You want to have the right tools for sanding your glass bottles whether you are new to glass bottle cutting or a seasoned pro.
I have a shelf out in the garage that I use to set aside my favorite glass bottles. The method to this madness is that ‘when I get around to it’, I’ll do something really cool with it. After awhile the shelf starts to get noticeably fuller and finally it comes down to either doing the project or filling the recycle bin. I prefer the former. ;)
Inspiration strikes – Sometimes all it takes is a little spark. Silke had seen some small plants on sale at the local grocery store. They were marked so low I told her to just take them all. She confessed to not having enough pots at the house to put them in. Suddenly my shelf full of bottles didn’t look crazy after all. When I got done she would have more than enough plant holders. Challenge accepted!
I’ve been scoring and separating bottles for a while now and the only conclusion that I’ve come to is that no two bottles are the same. The labels may look identical but at the end of the day the glass composition is unique to that bottle alone. The long and short of it? You really never know what will happen until you do it.
With my bottles scored I started my hot/cold separation. One of the bigger bottles left a shard that was so big I really began to wonder if it was even worth keeping. The score line was still running through it and the rest of the bottle that did separate came off beautifully. I brought it back outside and ended up using a pair of pliers to take the shard off.
Putting some tape over the teeth of my pliers provided enough protection to avoid metal on glass. What I ended up with was pretty close to a level surface, but it was still a pretty ugly, jagged rim. It was time to dig out the big guns to salvage this cut bottle.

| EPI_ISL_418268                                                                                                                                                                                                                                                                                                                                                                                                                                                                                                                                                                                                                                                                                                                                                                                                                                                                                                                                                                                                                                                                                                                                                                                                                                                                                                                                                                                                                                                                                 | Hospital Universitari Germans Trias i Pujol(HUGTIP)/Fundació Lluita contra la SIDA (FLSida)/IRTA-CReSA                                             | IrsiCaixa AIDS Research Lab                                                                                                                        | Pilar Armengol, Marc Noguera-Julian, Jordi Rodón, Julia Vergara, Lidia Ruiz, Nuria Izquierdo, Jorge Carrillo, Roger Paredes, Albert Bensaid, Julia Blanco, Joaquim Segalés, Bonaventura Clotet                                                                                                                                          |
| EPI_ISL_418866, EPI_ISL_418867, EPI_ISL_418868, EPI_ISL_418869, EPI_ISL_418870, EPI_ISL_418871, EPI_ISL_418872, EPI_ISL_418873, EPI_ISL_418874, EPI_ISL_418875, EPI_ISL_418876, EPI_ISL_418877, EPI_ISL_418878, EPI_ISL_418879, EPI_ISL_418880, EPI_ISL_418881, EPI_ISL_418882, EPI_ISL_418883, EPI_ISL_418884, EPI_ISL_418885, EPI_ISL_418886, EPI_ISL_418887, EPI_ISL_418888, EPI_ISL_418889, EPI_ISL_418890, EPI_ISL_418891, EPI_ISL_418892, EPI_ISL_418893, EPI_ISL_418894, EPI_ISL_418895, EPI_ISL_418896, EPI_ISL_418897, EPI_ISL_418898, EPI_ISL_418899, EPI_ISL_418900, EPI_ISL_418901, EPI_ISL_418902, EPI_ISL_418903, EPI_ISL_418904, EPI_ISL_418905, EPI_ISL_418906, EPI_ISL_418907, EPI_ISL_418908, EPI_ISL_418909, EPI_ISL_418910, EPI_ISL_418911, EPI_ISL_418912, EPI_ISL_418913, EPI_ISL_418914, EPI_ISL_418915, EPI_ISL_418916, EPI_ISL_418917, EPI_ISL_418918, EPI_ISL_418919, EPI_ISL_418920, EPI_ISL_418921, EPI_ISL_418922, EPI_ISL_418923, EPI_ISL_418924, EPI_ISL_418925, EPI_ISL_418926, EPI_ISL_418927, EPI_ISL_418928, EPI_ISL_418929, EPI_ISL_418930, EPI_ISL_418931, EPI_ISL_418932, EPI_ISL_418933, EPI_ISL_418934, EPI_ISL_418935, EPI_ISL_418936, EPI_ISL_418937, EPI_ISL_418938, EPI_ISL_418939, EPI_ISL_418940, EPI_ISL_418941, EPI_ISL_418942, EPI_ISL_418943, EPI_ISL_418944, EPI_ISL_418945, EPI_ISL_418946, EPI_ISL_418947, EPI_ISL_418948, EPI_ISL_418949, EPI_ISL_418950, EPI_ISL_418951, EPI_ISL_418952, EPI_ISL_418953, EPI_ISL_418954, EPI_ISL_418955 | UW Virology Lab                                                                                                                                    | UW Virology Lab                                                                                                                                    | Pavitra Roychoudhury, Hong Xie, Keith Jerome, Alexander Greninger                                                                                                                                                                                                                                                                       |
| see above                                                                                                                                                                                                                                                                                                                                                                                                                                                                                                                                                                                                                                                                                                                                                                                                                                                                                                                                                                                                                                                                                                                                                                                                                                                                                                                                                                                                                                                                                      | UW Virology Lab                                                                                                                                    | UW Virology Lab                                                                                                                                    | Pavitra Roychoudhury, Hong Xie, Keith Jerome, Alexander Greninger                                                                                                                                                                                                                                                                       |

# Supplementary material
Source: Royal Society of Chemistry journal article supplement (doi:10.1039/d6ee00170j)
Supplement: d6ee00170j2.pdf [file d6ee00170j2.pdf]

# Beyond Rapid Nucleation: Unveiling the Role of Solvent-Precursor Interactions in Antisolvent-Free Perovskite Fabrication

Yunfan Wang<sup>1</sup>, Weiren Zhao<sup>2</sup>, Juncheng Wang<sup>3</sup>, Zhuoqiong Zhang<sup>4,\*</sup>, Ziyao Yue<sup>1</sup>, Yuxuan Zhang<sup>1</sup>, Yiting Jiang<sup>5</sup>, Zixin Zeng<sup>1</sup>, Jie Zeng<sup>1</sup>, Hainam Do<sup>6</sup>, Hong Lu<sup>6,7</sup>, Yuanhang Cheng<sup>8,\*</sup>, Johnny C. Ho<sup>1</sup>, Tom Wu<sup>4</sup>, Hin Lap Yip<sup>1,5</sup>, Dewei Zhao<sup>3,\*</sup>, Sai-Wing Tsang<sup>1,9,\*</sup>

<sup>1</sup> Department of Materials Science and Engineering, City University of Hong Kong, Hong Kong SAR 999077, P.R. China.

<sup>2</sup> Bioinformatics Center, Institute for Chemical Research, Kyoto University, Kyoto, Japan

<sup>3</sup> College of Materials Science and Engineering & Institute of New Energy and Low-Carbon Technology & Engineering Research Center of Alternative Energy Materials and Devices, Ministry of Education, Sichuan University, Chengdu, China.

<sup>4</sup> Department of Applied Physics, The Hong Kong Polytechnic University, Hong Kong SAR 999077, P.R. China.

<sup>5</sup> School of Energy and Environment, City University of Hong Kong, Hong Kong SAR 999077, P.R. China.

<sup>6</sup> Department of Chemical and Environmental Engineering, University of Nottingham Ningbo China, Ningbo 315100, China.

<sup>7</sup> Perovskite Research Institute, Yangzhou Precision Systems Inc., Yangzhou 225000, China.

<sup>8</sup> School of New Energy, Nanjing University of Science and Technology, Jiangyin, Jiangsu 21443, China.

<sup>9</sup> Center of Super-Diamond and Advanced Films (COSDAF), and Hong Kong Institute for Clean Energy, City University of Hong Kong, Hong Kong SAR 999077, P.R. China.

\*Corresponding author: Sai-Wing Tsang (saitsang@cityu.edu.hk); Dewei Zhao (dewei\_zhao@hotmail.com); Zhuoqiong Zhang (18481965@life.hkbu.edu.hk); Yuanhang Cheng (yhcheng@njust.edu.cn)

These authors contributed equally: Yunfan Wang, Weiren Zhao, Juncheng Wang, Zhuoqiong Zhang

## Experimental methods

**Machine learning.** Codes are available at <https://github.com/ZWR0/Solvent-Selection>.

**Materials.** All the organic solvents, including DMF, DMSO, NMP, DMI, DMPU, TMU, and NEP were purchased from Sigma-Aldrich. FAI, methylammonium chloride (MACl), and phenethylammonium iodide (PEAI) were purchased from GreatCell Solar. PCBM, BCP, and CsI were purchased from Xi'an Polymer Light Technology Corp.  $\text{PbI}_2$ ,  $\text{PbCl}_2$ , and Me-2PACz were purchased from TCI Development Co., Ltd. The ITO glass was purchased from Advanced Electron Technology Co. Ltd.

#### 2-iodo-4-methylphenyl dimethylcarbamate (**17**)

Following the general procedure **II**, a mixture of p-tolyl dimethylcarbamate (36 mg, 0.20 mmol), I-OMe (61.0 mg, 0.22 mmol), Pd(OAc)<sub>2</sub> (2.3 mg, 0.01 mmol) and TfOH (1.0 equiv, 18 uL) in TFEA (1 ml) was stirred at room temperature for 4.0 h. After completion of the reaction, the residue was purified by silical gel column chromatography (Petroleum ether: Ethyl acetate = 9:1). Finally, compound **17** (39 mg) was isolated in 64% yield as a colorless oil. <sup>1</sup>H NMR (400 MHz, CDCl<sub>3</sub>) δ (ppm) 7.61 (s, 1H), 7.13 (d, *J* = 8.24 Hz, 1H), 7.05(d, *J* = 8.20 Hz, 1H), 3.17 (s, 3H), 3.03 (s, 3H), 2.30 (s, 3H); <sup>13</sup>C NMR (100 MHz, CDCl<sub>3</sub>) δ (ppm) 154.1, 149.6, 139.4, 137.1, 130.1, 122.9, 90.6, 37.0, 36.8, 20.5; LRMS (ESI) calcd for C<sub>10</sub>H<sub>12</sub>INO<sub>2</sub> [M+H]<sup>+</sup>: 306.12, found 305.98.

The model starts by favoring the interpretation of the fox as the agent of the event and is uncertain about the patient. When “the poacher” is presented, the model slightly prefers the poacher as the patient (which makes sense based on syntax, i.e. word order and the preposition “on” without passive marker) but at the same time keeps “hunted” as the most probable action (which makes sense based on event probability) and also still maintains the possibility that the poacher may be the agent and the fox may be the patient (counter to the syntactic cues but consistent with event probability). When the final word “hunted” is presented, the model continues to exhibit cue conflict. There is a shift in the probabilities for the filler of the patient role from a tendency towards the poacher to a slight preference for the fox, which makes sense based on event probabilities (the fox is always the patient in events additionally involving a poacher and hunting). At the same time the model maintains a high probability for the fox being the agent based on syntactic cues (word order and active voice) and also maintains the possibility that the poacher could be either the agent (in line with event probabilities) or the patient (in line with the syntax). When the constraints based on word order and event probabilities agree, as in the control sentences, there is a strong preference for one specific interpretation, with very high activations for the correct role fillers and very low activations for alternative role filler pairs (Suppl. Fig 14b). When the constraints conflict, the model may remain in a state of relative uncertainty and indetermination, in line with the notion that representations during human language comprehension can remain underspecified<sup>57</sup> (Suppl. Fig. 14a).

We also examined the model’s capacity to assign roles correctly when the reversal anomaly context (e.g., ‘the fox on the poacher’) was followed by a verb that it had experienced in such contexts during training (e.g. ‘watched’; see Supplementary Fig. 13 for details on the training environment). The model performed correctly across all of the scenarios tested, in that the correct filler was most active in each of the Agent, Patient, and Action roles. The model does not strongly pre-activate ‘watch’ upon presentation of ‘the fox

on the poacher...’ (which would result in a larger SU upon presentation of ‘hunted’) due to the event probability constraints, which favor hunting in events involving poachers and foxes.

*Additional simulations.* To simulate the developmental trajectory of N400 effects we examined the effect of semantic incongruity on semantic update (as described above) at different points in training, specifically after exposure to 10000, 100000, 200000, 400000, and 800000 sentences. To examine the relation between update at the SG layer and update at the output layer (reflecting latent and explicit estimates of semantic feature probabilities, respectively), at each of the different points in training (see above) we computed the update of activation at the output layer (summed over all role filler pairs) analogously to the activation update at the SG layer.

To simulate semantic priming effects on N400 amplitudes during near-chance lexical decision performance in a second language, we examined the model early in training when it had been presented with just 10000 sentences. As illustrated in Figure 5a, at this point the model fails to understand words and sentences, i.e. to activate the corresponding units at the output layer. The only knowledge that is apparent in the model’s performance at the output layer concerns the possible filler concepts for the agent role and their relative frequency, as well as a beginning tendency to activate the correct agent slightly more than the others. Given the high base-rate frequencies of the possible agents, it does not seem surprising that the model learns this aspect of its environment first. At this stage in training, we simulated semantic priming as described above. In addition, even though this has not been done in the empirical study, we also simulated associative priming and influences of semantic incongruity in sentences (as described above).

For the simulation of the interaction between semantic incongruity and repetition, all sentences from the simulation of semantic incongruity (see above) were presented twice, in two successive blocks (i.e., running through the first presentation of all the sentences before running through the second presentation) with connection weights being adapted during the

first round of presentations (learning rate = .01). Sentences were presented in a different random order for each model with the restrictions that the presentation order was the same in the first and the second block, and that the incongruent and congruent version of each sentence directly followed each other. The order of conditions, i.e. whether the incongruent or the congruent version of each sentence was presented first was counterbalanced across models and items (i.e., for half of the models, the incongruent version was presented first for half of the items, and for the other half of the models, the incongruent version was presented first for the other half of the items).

The ‘go to’ tools for the job. I’ve reviewed the Saber Tooth Diamond Sanding Pads awhile back. These sanding devices have saved more bottles then I can count and they are mandatory to use after every glass bottle that is cut. I don’t care how perfect the bottle rim may look.
Taking the extra step of ensuring that you have a nice smooth edge on your finished product is a must, not only for myself but the end user as well. I don’t want Silke to cut her finger on a sharp edge while watering or moving the plants.
The big glass bottle that I had to sand was going to take some extra elbow grease to get it to where it looked descent. I had my work cut out for me!
Who’s keeping track of the time? I lost track of time. My only tell tale sign was that my back was starting to tighten up from standing stretched over the bottle for so long. I was going back and forth between the two sanding pads to try to work out the divots. It took a little work but by the time I was finished only I would have known how bad the bottle rims had originally looked. Sorry, I forgot to take a pictures while sanding these bottles. Here’s one I took last summer.
I will tell you right now that if I hadn’t had these sanding pads there is no way that I would have stood and sanded this bottle as long as I had. The ergonomically designed holders are easy to keep in place and having the diamond tipped pads makes such a huge difference over conventional wet sanding paper. The sanding paper would have disintegrated in the time that it took me to get this particular bottle sanded (about 40 minutes).
The finished product. When I was finally finished with the cutting and sanding I decided to spray paint them as well to give them a nicer, more festive look. I used Krylon’s Stone Metallic in Gold, which gives the plant holders a stone-textured look.
Making Bottle Plant Holders was a simple DIY project that came together with the right tools.
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